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Your Environment. Your Health.

Harvard School of Public Health

Superfund Research Program

Geochemical Processes Affecting Temporal Variability in Soil Metal Bioaccessibility

Project Leader: James P. Shine
Co-Investigators: Colleen Hansel (Harvard University), Daniel J. Brabander (Wellesley College)
Grant Number: P42ES016454
Funding Period: 2010-2015
View this project in the NIH Research Portfolio Online Reporting Tools (RePORT)

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Project Summary (2010-2014)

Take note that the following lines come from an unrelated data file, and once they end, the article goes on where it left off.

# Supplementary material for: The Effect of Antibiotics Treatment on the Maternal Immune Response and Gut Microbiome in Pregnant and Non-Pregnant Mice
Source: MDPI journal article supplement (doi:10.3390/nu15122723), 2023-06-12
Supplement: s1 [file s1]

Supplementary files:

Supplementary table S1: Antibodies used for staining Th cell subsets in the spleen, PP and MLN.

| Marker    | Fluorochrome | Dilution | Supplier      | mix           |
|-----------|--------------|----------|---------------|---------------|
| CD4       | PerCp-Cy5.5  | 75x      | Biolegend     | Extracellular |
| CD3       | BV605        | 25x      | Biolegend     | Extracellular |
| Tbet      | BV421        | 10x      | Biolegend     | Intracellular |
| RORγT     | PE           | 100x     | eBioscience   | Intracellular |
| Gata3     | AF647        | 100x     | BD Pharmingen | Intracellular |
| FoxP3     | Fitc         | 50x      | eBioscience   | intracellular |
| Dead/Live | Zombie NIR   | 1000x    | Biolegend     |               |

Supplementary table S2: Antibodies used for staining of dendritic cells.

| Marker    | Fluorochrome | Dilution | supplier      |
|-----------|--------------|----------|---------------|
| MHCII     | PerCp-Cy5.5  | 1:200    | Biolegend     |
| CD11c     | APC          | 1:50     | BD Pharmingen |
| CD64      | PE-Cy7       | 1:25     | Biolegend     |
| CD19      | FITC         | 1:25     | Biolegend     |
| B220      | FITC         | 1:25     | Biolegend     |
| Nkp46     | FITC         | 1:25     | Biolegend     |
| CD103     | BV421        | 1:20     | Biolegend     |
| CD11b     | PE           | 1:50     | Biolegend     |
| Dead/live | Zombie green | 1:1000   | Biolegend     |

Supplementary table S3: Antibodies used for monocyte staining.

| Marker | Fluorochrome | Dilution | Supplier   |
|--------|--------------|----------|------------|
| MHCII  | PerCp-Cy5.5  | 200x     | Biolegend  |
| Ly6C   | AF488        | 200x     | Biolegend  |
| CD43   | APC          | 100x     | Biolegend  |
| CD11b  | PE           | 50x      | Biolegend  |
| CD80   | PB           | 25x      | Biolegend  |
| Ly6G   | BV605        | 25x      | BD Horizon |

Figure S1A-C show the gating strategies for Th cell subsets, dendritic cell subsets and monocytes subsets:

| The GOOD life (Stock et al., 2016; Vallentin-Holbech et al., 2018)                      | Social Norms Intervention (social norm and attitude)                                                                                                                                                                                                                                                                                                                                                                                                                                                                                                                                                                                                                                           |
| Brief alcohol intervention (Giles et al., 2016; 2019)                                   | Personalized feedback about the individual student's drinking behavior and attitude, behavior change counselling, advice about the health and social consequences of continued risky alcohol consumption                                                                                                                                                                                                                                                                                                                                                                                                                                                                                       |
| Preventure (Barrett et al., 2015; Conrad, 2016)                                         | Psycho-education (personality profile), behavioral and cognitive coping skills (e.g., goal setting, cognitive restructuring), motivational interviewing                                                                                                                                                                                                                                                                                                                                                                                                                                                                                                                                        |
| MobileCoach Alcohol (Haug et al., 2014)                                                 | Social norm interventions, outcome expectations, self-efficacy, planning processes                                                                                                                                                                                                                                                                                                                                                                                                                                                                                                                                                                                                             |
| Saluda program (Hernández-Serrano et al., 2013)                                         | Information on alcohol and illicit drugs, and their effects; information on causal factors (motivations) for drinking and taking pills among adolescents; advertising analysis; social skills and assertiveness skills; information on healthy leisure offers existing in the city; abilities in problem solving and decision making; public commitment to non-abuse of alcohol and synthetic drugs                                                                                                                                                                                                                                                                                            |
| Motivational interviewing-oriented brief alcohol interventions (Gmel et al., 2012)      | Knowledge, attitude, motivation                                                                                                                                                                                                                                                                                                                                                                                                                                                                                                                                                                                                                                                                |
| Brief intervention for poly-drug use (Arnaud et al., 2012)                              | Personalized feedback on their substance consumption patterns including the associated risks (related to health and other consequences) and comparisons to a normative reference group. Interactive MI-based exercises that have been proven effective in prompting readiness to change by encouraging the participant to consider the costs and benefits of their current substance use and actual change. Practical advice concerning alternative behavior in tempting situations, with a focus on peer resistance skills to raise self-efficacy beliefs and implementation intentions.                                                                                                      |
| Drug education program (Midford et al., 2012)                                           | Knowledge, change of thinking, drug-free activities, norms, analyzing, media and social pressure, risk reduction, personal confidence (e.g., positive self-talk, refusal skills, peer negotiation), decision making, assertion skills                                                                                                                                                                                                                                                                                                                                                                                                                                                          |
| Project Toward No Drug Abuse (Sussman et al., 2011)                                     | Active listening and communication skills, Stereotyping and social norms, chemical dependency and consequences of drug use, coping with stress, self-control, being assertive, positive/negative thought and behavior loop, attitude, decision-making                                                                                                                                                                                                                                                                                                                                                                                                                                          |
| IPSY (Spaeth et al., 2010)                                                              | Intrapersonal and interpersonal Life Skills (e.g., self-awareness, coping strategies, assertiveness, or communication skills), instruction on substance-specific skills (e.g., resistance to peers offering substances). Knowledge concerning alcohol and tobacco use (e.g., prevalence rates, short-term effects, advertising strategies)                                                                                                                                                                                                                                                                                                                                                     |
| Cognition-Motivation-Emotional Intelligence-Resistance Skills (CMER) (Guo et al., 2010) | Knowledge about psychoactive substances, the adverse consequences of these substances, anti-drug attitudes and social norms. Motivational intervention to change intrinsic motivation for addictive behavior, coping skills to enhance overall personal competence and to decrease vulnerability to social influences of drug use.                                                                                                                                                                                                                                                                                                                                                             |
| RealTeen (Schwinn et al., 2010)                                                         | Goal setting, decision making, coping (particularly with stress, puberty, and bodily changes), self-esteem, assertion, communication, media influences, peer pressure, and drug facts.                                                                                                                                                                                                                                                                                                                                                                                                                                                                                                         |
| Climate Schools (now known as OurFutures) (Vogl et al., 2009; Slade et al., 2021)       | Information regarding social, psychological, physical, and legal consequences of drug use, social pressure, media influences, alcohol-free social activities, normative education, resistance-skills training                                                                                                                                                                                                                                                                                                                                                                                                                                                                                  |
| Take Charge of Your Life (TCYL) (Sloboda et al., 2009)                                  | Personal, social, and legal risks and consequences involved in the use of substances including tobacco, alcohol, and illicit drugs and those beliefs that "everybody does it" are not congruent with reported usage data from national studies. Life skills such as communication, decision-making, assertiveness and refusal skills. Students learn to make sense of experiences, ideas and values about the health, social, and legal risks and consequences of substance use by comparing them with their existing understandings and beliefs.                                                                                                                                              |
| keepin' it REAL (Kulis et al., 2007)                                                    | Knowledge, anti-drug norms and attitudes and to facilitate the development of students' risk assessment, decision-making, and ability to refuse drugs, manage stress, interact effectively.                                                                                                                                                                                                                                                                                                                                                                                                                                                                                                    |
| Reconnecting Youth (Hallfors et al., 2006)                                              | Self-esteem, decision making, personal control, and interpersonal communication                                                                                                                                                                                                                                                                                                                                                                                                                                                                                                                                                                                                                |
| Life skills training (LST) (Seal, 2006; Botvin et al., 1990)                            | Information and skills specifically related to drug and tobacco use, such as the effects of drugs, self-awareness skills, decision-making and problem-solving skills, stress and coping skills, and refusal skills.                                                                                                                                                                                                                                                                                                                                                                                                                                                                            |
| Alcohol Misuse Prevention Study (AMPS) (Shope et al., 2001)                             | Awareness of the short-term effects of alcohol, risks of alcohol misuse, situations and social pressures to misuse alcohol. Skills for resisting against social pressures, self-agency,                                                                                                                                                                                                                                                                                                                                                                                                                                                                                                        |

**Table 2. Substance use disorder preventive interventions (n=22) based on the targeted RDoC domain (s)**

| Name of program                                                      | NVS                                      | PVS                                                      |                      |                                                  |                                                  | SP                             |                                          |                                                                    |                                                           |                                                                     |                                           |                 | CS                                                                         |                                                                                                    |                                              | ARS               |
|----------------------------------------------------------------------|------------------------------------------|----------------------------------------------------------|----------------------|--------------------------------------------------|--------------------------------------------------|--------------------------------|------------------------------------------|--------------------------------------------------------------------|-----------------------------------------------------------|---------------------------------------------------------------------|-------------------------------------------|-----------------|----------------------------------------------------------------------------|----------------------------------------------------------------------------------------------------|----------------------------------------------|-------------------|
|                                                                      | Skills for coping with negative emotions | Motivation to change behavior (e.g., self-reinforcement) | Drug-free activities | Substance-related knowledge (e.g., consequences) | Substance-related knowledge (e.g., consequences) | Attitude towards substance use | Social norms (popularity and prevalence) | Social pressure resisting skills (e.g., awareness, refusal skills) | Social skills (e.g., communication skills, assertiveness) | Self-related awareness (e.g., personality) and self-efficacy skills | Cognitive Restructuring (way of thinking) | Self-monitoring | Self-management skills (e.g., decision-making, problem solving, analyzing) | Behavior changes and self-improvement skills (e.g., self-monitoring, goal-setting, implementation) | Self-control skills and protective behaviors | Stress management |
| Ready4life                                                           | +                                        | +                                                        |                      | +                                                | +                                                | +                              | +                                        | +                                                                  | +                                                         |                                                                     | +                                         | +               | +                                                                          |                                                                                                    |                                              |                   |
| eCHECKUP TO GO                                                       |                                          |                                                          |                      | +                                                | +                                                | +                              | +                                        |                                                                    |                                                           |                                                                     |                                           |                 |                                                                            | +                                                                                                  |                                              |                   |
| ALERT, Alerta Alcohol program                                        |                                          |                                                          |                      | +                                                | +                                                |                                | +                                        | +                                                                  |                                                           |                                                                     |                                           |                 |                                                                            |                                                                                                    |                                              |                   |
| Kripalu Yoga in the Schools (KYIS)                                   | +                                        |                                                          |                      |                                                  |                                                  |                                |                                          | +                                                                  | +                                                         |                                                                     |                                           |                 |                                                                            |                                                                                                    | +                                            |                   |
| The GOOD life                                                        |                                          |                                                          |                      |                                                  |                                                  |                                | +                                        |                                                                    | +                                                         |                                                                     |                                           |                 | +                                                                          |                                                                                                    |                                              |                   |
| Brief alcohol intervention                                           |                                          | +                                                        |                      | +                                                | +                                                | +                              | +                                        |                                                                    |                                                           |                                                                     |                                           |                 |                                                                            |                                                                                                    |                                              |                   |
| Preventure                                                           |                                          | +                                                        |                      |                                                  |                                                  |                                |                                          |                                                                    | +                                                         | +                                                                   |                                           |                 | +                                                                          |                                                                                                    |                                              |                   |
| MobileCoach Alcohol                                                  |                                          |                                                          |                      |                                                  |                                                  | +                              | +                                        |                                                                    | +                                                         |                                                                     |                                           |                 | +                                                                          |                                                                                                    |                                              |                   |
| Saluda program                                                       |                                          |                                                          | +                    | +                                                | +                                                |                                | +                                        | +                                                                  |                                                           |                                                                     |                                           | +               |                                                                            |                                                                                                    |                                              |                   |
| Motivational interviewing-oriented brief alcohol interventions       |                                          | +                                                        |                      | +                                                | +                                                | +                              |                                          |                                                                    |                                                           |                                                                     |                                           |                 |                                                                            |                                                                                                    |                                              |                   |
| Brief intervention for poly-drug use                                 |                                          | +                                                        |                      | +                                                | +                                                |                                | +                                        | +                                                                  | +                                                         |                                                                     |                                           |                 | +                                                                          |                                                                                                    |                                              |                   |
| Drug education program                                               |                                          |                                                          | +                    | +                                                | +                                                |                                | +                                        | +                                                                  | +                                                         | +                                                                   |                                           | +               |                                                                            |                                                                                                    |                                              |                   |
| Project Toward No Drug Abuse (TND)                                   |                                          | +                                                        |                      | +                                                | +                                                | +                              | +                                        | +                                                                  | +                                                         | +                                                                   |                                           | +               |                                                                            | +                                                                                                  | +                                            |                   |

The study of toxic heavy metals in the environment is challenging because metals are a natural component of our environment. As such, they have distinct biogeochemical cycles that govern their mobility, fate, and toxicity. A failure to understand these biogeochemical cycles will lead to a failure to adequately assess adverse impacts. Current risk assessment techniques for metals via the oral ingestion route are based on operationally defined tests which mimic the release of metals from soil in the human digestive system. The goal of this project is to be able to define the bioaccessibility of metals in geochemical terms, not based on operationally defined extraction methods. This goal is tested through a combination of laboratory and in situ studies of metal-contaminated soils and mining wastes to characterize the interplay of processes that increase metal bioavailability over time and those that decrease metal bioavailability over time. Through these experiments, researchers are testing whether the bioaccessibility of metals through oral ingestion can be predicted from the underlying speciation of metals and the characteristics of the soil itself. This study bridges the current gap between geology and toxicology. Current risk assessment methods can determine if metals in a soil may exert risk, but not why. It is the intent to show that through the incorporation of a modest amount of geochemical analysis, researchers can greatly improve risk assessment for metals in soils by showing why some soils exert risk while other soils with similar levels of metals do not exert risk. In addition, with a similarly modest understanding of the temporal cycling of metals, researchers can show that bioaccessibility of metals in soils is not time invariant. With this knowledge, risk assessment can be proactive in understanding the nature of both current and future risks.

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